Do We Deliberate or Rubber Stamp?

I’ve always loved the idea of Georgia’s part-time citizen legislature. Our legislators serve for three months and then go home to resume their respective careers. This allows for a diverse group of people with everyday life experiences — farmers, funeral home directors, grocery store owners, car salesmen, real estate agents, doctors, etc. — to work together for the people of Georgia.

Answering constituent questions with Representative Mike Wilensky at the Dunwoody Town Hall meeting

But the limited session means we’re always racing toward a deadline, be it Crossover Day or Sine Die, the last of our 40-day session. Bills are rushed. Mistakes are made. Debate and amendments are discouraged. Our bicameral legislature, designed to provide two distinct sets of fresh eyes to improve bills, suddenly becomes a rubber stamp. Other forces like gerrymandering — drawing district lines for partisan gains — create safe seats and give rise to extreme points of view as elections are decided in primaries. It hijacks our ability to compromise and ultimately forces us to focus on the most divisive issues rather than those that make people’s everyday lives better. We saw both of these dynamics come together in HB481, the 6-week abortion ban, which was neither a welcome nor well-thought out bill.

The good news is that good government is in our hands. We can continue to perfect our imperfect system through the legislative process, like The Democracy Act that seeks to reform our redistricting process, or by changing the people that make up the legislature at the ballot box. This session and this week demonstrated more than ever that we have some serious work to do in 2020 to reclaim our government to make it work better for all of us.

Where the Rubber Meets the Road

My Senate colleagues and I were proud to wear white in honor those that fought for women’s rights before us

The floor debate on HB481, the 6-week abortion ban, scheduled for Friday loomed large and we met several times throughout the week to plan the Democratic response. The ladies of the Senate decided to wear white to honor those that fought for women’s rights before us. I focused my floor speech on what I learned during my campaign — many voters, even those who are staunchly pro-life, can agree on maintaining what Senator Jen Jordan called the “uneasy truce” of our current abortion laws. And if we are to be truly pro-life, we must do much more to feed, house, educate, and provide healthcare for Georgia’s mothers and children. The four-hour emotional debate and vote was a tough way to end the week.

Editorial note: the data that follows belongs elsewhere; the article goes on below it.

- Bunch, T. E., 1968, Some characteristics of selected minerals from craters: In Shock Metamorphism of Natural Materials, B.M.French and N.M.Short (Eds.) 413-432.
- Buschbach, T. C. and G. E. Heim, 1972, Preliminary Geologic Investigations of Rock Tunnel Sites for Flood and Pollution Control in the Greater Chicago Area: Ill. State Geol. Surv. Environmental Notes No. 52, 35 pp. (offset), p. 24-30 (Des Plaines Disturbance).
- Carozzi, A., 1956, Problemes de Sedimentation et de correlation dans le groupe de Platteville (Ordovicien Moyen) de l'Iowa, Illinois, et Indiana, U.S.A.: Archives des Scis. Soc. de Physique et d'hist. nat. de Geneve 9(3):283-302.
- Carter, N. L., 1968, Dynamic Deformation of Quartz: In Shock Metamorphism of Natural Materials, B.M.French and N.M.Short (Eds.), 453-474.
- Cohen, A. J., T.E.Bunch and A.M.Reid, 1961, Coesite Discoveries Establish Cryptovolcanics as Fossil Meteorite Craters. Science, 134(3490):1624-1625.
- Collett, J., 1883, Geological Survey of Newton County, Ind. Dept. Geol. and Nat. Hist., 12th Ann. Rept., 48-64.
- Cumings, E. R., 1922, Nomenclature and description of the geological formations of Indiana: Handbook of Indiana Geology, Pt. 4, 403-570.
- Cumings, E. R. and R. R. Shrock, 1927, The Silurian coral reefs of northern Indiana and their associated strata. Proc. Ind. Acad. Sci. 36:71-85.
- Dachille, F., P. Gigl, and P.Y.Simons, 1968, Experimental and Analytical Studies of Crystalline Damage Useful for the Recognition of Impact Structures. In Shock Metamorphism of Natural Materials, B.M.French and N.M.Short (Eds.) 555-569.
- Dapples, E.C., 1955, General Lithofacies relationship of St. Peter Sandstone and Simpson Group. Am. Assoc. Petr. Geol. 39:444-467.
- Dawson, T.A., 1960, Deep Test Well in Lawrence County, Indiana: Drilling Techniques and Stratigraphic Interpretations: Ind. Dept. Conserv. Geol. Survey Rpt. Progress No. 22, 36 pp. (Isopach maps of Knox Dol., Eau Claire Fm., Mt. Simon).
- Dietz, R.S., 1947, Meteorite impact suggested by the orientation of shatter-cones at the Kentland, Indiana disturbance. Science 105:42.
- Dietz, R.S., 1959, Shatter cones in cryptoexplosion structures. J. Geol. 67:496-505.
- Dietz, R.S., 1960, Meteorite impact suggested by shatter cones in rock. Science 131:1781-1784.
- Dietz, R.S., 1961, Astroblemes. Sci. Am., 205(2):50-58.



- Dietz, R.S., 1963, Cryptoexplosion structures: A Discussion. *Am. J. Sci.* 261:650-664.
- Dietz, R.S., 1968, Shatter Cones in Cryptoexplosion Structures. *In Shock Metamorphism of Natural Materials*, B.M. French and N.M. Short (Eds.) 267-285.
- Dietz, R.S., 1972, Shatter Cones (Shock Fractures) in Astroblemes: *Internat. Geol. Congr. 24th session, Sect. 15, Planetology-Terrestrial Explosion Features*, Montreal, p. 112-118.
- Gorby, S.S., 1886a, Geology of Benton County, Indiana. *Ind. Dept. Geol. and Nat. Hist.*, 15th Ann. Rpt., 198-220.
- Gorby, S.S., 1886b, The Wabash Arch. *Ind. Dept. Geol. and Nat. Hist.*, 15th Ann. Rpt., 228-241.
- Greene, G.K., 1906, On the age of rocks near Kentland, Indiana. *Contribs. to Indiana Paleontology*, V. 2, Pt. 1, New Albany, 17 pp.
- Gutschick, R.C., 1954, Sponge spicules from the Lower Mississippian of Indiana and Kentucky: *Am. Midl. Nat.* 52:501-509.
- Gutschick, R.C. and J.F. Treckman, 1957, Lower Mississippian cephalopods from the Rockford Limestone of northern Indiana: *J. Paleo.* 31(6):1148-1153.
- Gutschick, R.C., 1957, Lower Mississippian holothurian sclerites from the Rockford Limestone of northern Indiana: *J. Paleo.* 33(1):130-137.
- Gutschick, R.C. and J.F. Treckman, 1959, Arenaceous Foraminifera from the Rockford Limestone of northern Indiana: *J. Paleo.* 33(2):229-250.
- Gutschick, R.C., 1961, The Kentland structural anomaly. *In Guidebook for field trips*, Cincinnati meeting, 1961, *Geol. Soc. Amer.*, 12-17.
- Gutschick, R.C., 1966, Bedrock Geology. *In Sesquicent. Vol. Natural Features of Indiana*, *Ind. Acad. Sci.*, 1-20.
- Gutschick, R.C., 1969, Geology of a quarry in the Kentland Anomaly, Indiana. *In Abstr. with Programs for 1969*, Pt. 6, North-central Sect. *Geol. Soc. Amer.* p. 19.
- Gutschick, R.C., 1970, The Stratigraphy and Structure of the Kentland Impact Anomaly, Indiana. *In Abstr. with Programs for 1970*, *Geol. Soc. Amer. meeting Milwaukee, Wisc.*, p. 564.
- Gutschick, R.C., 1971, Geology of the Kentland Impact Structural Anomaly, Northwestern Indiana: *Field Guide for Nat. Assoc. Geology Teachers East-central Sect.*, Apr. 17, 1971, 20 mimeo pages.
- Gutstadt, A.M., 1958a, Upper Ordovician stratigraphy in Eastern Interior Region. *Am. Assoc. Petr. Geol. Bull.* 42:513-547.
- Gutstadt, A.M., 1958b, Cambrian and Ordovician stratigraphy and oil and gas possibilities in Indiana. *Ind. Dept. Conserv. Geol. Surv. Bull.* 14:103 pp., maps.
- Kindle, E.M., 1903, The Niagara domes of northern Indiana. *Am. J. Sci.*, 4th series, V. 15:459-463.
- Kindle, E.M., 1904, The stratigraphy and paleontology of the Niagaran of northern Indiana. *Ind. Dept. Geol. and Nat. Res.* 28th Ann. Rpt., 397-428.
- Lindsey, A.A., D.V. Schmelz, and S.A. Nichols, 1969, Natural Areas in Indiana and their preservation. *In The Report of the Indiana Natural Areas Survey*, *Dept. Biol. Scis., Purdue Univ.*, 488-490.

Nearly every meeting leading up to Friday reminded me of the rush to the finish line with only a handful of days left in this year’s session. Too many bills are being rushed through. But the citizen advocates that were at the Capitol throughout the week bringing their personal experiences and expertise to impact policy were much-needed reminders of why we do this work, despite all the challenges.

Mandatory Recess: The Senate Education and Youth Committee finally voted on HB83, a bill that seeks to require recess for grades K-5. You would think that a bill this simple would be easy to pass, but I worked hard on this issue my last year in the House only to have it fail in the very last hour of my very last day in office. Rep. Demetrius Douglas has tried to pass this bill for the last three years. This current version is not perfect — it’s not what I tried to pass and it’s not what Rep. Douglas started with. It’s gone through lots of changes and compromises along the way. While I would have loved more time and opportunity to amend the bill, a wise and experienced Republican colleague reminded me that sometimes we have to start with the imperfect as a first step in order to get to a better bill later. With the help of some citizen advocates, including two fifth graders who came to testify, the bill passed the Committee. I look forward to voting for it when it comes to the Senate floor.

Panel discussion at the Indivisible Sixth District Town Hall meeting Sunday evening

Protecting Georgia’s Shoreline: Serving on the Natural Resources & Environment Committee has allowed me to delve into studying many of Georgia’s environmentally diverse challenges. Thanks to HB445, I found out that a groin means something very different to shoreline protection than it does in other contexts, and beach nourishment isn’t about protecting native habitat! HB445 amends Georgia’s Shoreline Protection Act to give private homeowners along Georgia’s coast more control over land along the shore. And it provides a special exception to an area of Sea Island where a project is already underway to build high-end homes. Environmentalists strongly objected to these changes, arguing that current regulations are necessary to protect our eroding shoreline and that the Sea Island provision would set a dangerous precedent for other areas along the coast. The Democrats agreed with the Environmental community, voting against the bill and filing a minority report, which puts the minority dissenting opinion on the official record. The bill passed the Committee and will be on the Senate floor soon.